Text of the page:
Thursday night, before my city became paralyzed with the brief, strange confusion of “sheltering in place,” I attended a vigil for the marathon bombing. The wind was blowing hard, the half-mast flags snapping in the darkness. It was hard to hear—the wind was blowing across the speakers with this strange hollow-thunder noise. I loved that, the wind making itself known, this invisible force that can only be seen and felt in the reactions of what it touches. Like love, really. Someone read a poem, and other people sang, and it did what those tools do—opened hearts enough and pointed to the soft places in our souls where a scrap of comfort, if not understanding, can creep in. I was most moved by the runners who spoke. They talked of their community, of the love and support they find, of the comfort and challenge and addiction of running. Their words, these runners, were as moving as the poetry, the songs, the wind. In the end, it’s all the same thing.
I am not a runner. A marathon is something far beyond my abilities, or interests. When the world overwhelms me--as it has this week--I go to words. I read, I write, I re-find my sanity, my faith in humanity, my calm place to go forward with this often hard and messy business of being human on this earth, my best thing to give the world I love so fiercely. I know many people run for the same reasons. They pull on little fluorescent shorts, lace up their sneakers and go, pounding their hearts into the trails and pavements, until life comes back to focus, back to size. Other people take to their guitars, their pianos, their churches, mountains, oceans, deserts, kitchens, equations, woodshops, gardens…their best thing, the instrument or action they have where they can best give and receive of the good of the world. And where they can muddle some sense from the darkness. May we all find this thing, and soon.
My sisters are both runners, and in general, far better athletes than I am. I dabble, I enjoy, I stop to look at things and take pictures and come home and write essays and poems about all that I’ve seen and then wander about in a poetic, world-loving daze. That’s fine, and really, it gets a lot of attention for being a Good thing to do. I like to think that my words are the best I can give the world, and I find a lot of reassurance on that front.
But, my sisters and their running brethren go out and sweat and empty their bodies and find something like peace and happiness through that strength. They choose a hard thing, and take delight in their abilities. My older sister ran a half-marathon on a whim a few summers ago. (She admitted the next day to being “a little tired.”) After the events of this week, she, like many others, is looking for a marathon to run and hoping to qualify for Boston.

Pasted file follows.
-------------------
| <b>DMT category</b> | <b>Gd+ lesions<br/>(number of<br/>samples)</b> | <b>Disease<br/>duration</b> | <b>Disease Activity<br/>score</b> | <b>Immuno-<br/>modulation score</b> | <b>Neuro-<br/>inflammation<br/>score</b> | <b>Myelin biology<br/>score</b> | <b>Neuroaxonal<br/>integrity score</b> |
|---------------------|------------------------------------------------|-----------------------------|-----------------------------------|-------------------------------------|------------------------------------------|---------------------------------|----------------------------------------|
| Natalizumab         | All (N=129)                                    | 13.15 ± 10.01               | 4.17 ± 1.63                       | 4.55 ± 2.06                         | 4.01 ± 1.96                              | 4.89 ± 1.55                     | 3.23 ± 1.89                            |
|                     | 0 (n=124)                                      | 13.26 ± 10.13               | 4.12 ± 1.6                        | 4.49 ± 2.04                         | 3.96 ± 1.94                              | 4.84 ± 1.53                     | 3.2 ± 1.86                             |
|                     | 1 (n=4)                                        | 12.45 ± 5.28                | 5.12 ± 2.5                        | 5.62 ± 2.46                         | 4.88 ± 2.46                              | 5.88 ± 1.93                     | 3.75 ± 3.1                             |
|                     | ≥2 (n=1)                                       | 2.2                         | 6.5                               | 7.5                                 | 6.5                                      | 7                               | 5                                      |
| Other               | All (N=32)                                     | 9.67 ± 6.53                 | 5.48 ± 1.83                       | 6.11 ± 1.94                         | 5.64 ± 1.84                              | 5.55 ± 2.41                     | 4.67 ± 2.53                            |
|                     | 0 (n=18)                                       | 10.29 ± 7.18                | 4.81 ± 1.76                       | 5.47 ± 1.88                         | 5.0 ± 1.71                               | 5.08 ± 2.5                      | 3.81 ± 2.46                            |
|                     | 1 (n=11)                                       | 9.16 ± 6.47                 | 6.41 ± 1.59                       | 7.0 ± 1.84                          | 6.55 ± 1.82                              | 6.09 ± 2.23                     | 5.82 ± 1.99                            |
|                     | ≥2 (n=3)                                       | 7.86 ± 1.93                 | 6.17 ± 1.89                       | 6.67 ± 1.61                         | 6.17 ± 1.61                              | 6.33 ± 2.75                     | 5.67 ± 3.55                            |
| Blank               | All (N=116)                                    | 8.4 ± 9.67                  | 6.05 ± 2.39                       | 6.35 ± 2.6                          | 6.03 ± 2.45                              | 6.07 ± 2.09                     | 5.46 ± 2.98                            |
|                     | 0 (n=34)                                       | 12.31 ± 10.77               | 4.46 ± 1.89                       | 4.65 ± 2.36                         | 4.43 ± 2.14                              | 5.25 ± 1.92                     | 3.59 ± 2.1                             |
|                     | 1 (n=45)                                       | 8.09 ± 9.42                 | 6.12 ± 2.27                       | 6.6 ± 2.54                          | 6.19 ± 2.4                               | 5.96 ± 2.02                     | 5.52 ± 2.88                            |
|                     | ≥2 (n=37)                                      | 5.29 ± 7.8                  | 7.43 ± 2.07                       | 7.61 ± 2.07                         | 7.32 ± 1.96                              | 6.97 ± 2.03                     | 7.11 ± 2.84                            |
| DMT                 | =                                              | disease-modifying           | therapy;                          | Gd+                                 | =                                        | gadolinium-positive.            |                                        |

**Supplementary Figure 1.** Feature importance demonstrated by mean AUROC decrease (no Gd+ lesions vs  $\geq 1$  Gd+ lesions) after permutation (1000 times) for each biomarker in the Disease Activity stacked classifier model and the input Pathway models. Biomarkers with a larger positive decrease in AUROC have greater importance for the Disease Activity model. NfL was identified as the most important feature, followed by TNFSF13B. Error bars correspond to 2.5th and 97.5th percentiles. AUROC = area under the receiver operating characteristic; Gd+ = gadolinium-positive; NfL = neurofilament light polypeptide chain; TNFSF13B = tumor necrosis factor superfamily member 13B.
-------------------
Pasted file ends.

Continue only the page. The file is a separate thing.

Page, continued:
A friend told me this week that he cries watching marathons, that the power of that mental and physical commitment always impresses him. When I think of all that brings me to my knees as being beautiful—passion, effort, good-intention, and a holy glow at what humans are capable of—I cannot think how I overlooked how inspiring and glorious running is, or, really, all athletics are. What the human body is capable of is no less soul-inspiring than what the human mind, the human heart can do. We are becoming a nation that does not know our bodies well—we are no longer required to be physically strong in order to eat. And so, such physical strength and the body’s natural grace often becomes a sport, a game. Except that it shows us yet another way in which we can be wonderful, malleable, resilient. “Or haven't you noticed just how invincible and unbeatable spirit is, so that its presence makes the whole soul fearless and unconquerable in any situation?” Socrates asked that in The Republic.
How that spirit presents itself varies. For which I’m grateful. But here, for a little while, I’d like to lay all that I can, all my words and the best intentions of my spirit, at the feet of the runners. Your efforts, your sweat, your struggles, your success, your choice and joy in these actions…this is as beautiful and as needed as any words spoken to a lonely crowd on a dark night, seeking comfort.
Today, while listening to the news of the largest manhunt in U.S. history, I didn’t know what to do, so I started writing this. I made art, I read poetry. When, finally, the world became a little safer, I went outside. Some of the first people I saw on the quiet streets were runners. It almost made me dig out my running shoes.